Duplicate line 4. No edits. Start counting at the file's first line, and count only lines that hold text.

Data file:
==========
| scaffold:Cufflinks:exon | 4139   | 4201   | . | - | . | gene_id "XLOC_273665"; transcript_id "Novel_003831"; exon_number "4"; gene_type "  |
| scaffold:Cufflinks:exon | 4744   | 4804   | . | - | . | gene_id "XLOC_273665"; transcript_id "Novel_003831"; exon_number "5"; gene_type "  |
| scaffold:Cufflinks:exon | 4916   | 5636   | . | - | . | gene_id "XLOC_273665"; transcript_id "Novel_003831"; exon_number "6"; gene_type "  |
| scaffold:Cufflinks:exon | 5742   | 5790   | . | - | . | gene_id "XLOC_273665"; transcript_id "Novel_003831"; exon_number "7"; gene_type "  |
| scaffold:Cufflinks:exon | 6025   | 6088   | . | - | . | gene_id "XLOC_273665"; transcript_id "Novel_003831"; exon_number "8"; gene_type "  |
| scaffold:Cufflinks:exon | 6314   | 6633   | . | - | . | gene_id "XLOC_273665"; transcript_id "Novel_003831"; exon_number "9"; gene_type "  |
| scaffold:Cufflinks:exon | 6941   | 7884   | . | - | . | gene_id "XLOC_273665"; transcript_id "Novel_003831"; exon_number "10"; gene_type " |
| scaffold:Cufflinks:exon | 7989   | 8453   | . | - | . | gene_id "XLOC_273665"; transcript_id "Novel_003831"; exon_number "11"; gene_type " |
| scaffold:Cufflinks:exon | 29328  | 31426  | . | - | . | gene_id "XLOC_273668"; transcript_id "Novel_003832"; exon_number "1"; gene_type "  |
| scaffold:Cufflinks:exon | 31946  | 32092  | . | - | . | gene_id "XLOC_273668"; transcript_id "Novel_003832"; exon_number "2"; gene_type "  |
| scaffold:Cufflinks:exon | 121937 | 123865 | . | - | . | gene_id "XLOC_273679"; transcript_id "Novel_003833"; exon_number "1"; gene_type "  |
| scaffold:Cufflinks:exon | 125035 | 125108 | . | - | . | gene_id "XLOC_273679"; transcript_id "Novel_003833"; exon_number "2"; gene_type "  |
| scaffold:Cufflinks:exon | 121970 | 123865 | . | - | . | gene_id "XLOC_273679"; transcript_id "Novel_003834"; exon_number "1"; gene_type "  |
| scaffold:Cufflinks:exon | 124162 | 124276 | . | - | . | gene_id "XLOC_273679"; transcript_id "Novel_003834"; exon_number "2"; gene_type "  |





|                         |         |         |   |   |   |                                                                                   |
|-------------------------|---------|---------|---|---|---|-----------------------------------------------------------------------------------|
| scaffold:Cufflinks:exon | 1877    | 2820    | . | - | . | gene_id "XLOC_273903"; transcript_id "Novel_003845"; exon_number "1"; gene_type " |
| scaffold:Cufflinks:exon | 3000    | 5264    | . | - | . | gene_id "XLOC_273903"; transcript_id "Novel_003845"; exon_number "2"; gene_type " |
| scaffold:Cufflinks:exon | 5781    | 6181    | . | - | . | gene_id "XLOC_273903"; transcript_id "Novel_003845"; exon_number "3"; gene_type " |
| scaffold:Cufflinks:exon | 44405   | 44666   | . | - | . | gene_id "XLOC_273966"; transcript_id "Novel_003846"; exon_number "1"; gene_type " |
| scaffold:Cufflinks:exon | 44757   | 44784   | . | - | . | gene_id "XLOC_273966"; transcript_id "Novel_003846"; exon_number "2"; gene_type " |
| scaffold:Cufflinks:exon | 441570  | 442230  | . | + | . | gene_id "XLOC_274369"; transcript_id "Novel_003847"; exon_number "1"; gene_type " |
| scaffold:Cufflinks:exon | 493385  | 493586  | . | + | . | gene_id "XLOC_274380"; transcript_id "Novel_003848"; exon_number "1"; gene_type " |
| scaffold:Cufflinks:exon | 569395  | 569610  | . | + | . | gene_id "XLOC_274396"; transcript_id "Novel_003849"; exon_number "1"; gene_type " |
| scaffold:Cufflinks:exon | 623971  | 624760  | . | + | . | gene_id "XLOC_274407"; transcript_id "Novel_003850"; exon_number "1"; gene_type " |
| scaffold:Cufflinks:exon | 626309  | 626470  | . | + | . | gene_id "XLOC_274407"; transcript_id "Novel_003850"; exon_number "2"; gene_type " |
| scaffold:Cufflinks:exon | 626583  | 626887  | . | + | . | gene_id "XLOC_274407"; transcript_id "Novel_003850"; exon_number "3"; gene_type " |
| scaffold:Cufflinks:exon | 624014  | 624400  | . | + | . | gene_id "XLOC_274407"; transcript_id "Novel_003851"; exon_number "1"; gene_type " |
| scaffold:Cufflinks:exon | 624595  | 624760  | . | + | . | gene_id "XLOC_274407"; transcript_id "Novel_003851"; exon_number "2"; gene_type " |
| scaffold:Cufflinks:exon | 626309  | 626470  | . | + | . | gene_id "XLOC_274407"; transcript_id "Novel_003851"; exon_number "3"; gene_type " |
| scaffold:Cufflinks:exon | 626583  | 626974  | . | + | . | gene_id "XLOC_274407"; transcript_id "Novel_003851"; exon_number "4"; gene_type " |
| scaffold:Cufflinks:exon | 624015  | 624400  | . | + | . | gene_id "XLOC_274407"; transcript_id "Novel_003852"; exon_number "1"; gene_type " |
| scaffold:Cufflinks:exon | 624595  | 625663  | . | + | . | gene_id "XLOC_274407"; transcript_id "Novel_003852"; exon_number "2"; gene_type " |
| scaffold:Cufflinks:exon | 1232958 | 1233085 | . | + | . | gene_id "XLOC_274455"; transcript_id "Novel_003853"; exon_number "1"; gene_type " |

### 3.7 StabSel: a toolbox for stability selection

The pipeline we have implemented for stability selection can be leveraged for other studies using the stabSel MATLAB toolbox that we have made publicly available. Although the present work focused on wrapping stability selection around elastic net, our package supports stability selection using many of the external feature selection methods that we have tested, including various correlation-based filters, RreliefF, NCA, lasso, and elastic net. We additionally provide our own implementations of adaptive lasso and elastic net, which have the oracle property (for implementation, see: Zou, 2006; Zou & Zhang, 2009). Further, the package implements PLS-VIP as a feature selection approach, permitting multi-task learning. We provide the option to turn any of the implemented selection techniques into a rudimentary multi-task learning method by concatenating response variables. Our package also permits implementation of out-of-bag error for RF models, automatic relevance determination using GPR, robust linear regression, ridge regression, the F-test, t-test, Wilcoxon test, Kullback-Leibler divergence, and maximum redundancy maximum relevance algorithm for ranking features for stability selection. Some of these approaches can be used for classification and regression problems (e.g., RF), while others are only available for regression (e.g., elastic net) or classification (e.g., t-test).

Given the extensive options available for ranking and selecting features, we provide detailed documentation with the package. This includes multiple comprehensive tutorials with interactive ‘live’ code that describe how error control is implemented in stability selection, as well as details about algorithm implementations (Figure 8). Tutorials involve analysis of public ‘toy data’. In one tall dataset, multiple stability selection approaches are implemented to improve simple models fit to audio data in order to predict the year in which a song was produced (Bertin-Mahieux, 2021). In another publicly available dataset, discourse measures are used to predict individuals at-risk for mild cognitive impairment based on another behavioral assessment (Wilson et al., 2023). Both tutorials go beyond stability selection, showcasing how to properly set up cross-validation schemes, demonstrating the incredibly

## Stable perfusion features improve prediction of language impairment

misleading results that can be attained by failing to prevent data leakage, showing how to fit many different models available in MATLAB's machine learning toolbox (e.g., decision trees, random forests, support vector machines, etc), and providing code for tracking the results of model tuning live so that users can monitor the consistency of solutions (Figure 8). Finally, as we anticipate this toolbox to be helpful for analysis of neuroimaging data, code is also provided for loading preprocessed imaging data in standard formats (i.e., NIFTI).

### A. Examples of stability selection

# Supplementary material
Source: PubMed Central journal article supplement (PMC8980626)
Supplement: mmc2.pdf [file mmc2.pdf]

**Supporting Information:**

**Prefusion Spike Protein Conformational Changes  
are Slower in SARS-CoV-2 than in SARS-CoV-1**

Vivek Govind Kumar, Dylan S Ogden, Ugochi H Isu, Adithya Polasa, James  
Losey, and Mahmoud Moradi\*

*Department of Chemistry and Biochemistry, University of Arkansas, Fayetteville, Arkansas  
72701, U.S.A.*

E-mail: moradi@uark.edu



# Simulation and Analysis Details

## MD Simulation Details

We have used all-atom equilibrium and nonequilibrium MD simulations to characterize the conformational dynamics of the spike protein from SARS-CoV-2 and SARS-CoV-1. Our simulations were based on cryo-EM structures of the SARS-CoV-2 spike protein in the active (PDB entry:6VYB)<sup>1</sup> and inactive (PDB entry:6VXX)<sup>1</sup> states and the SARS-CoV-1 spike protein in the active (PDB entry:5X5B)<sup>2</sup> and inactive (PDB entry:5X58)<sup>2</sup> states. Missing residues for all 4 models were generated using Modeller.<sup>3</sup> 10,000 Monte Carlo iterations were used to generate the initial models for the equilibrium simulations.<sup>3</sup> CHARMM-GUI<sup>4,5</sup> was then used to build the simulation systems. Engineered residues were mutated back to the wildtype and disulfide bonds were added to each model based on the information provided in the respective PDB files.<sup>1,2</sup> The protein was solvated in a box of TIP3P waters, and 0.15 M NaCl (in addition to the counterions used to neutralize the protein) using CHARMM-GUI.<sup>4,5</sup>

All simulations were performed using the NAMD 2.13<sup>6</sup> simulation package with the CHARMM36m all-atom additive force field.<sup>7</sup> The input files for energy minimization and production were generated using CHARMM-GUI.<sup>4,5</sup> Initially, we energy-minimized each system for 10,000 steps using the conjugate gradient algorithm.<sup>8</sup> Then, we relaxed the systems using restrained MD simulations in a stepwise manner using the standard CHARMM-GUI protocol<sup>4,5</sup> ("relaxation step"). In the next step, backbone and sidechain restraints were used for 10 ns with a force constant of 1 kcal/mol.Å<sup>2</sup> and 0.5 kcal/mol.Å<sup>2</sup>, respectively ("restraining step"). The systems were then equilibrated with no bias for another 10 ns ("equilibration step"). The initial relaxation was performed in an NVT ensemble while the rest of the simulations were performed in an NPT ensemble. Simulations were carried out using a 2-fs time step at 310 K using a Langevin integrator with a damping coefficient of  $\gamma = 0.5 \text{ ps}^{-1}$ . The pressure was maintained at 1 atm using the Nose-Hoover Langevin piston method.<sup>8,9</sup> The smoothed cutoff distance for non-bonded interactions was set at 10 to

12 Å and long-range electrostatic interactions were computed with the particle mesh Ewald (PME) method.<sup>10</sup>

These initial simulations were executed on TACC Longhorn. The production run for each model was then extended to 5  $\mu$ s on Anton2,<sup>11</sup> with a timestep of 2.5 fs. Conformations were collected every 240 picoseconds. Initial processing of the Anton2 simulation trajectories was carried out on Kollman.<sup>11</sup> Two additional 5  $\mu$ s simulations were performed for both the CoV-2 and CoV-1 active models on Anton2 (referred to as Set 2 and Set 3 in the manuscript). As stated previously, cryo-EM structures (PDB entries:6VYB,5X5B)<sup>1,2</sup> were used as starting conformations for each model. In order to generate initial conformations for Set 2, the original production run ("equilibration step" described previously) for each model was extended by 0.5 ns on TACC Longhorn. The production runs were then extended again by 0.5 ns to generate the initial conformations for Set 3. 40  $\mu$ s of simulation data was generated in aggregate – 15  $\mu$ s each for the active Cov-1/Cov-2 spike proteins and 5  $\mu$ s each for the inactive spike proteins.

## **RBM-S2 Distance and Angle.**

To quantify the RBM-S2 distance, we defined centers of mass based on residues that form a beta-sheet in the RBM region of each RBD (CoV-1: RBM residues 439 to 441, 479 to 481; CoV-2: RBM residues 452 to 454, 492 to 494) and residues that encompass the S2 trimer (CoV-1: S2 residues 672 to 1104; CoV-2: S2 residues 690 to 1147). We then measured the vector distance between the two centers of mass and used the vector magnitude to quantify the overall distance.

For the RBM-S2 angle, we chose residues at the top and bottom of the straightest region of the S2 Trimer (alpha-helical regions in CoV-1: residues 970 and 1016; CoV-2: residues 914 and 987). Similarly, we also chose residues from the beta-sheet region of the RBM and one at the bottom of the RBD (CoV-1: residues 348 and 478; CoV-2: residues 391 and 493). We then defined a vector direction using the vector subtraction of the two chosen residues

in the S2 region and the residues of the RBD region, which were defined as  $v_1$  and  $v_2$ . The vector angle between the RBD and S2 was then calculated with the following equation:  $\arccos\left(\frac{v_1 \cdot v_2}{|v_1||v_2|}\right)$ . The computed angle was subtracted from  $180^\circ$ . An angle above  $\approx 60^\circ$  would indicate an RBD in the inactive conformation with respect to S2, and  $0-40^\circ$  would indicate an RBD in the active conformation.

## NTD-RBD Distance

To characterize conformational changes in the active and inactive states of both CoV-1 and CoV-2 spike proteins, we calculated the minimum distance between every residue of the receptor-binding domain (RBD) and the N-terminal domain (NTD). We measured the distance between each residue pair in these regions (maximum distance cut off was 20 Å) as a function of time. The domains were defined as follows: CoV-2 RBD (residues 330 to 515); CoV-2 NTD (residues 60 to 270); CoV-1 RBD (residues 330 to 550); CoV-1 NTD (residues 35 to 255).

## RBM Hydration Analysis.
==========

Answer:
| scaffold:Cufflinks:exon | 5742   | 5790   | . | - | . | gene_id "XLOC_273665"; transcript_id "Novel_003831"; exon_number "7"; gene_type "  |